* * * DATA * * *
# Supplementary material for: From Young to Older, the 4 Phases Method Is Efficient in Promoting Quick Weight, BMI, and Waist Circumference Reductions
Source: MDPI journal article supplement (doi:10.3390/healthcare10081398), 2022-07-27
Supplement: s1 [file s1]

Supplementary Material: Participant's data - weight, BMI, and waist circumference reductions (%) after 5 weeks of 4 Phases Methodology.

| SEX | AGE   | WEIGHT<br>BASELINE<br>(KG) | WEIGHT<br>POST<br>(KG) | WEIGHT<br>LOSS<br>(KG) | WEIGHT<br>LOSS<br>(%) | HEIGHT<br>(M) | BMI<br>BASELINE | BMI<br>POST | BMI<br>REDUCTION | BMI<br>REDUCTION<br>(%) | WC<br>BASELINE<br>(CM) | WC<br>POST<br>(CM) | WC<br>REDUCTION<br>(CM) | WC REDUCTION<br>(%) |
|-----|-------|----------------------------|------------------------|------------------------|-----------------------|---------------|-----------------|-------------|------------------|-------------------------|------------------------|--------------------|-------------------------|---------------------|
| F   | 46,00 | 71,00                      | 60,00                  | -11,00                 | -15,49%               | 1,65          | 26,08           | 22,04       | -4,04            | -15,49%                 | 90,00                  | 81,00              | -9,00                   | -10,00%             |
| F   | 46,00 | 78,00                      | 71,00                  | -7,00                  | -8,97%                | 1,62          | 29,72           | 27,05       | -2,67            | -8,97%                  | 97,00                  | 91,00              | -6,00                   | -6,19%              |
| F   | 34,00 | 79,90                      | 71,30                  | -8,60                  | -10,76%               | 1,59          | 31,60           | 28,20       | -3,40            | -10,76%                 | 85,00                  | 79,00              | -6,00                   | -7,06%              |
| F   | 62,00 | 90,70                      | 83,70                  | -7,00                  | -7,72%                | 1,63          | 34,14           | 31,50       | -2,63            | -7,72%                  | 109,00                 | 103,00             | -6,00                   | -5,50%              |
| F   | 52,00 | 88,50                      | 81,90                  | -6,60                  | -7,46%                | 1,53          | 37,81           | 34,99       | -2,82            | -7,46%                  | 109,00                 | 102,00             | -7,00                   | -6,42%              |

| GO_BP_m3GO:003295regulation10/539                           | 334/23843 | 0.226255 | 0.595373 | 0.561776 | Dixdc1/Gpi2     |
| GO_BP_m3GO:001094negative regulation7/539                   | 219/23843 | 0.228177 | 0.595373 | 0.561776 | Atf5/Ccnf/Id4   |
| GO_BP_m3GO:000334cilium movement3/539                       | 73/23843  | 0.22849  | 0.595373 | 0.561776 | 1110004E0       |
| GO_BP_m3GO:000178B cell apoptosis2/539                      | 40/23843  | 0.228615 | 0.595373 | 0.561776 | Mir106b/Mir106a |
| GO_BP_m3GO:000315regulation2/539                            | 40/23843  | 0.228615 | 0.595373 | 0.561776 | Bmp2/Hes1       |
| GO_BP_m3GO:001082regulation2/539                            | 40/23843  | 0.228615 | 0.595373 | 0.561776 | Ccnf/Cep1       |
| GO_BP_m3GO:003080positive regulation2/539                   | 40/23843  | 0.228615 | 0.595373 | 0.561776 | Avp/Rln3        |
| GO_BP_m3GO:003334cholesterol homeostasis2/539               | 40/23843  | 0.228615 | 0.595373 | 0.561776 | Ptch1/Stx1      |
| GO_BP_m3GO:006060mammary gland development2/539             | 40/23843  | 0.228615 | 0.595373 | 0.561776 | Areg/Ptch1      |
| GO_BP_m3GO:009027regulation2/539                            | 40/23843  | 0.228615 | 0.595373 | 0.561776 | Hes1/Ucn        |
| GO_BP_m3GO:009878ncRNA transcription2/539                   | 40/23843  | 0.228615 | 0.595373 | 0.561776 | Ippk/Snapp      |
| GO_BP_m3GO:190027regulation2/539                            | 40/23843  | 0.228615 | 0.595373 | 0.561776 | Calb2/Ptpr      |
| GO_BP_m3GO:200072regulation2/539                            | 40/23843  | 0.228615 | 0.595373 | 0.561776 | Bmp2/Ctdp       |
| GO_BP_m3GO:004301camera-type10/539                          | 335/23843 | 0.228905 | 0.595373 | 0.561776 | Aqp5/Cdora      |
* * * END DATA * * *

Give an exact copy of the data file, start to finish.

# Supplementary material for: From Young to Older, the 4 Phases Method Is Efficient in Promoting Quick Weight, BMI, and Waist Circumference Reductions
Source: MDPI journal article supplement (doi:10.3390/healthcare10081398), 2022-07-27
Supplement: s1 [file s1]

Supplementary Material: Participant's data - weight, BMI, and waist circumference reductions (%) after 5 weeks of 4 Phases Methodology.

| SEX | AGE   | WEIGHT<br>BASELINE<br>(KG) | WEIGHT<br>POST<br>(KG) | WEIGHT<br>LOSS<br>(KG) | WEIGHT<br>LOSS<br>(%) | HEIGHT<br>(M) | BMI<br>BASELINE | BMI<br>POST | BMI<br>REDUCTION | BMI<br>REDUCTION<br>(%) | WC<br>BASELINE<br>(CM) | WC<br>POST<br>(CM) | WC<br>REDUCTION<br>(CM) | WC REDUCTION<br>(%) |
|-----|-------|----------------------------|------------------------|------------------------|-----------------------|---------------|-----------------|-------------|------------------|-------------------------|------------------------|--------------------|-------------------------|---------------------|
| F   | 46,00 | 71,00                      | 60,00                  | -11,00                 | -15,49%               | 1,65          | 26,08           | 22,04       | -4,04            | -15,49%                 | 90,00                  | 81,00              | -9,00                   | -10,00%             |
| F   | 46,00 | 78,00                      | 71,00                  | -7,00                  | -8,97%                | 1,62          | 29,72           | 27,05       | -2,67            | -8,97%                  | 97,00                  | 91,00              | -6,00                   | -6,19%              |
| F   | 34,00 | 79,90                      | 71,30                  | -8,60                  | -10,76%               | 1,59          | 31,60           | 28,20       | -3,40            | -10,76%                 | 85,00                  | 79,00              | -6,00                   | -7,06%              |
| F   | 62,00 | 90,70                      | 83,70                  | -7,00                  | -7,72%                | 1,63          | 34,14           | 31,50       | -2,63            | -7,72%                  | 109,00                 | 103,00             | -6,00                   | -5,50%              |
| F   | 52,00 | 88,50                      | 81,90                  | -6,60                  | -7,46%                | 1,53          | 37,81           | 34,99       | -2,82            | -7,46%                  | 109,00                 | 102,00             | -7,00                   | -6,42%              |

| GO_BP_m3GO:003295regulation10/539                           | 334/23843 | 0.226255 | 0.595373 | 0.561776 | Dixdc1/Gpi2     |
| GO_BP_m3GO:001094negative regulation7/539                   | 219/23843 | 0.228177 | 0.595373 | 0.561776 | Atf5/Ccnf/Id4   |
| GO_BP_m3GO:000334cilium movement3/539                       | 73/23843  | 0.22849  | 0.595373 | 0.561776 | 1110004E0       |
| GO_BP_m3GO:000178B cell apoptosis2/539                      | 40/23843  | 0.228615 | 0.595373 | 0.561776 | Mir106b/Mir106a |
| GO_BP_m3GO:000315regulation2/539                            | 40/23843  | 0.228615 | 0.595373 | 0.561776 | Bmp2/Hes1       |
| GO_BP_m3GO:001082regulation2/539                            | 40/23843  | 0.228615 | 0.595373 | 0.561776 | Ccnf/Cep1       |
| GO_BP_m3GO:003080positive regulation2/539                   | 40/23843  | 0.228615 | 0.595373 | 0.561776 | Avp/Rln3        |
| GO_BP_m3GO:003334cholesterol homeostasis2/539               | 40/23843  | 0.228615 | 0.595373 | 0.561776 | Ptch1/Stx1      |
| GO_BP_m3GO:006060mammary gland development2/539             | 40/23843  | 0.228615 | 0.595373 | 0.561776 | Areg/Ptch1      |
| GO_BP_m3GO:009027regulation2/539                            | 40/23843  | 0.228615 | 0.595373 | 0.561776 | Hes1/Ucn        |
| GO_BP_m3GO:009878ncRNA transcription2/539                   | 40/23843  | 0.228615 | 0.595373 | 0.561776 | Ippk/Snapp      |
| GO_BP_m3GO:190027regulation2/539                            | 40/23843  | 0.228615 | 0.595373 | 0.561776 | Calb2/Ptpr      |
| GO_BP_m3GO:200072regulation2/539                            | 40/23843  | 0.228615 | 0.595373 | 0.561776 | Bmp2/Ctdp       |
| GO_BP_m3GO:004301camera-type10/539                          | 335/23843 | 0.228905 | 0.595373 | 0.561776 | Aqp5/Cdora      |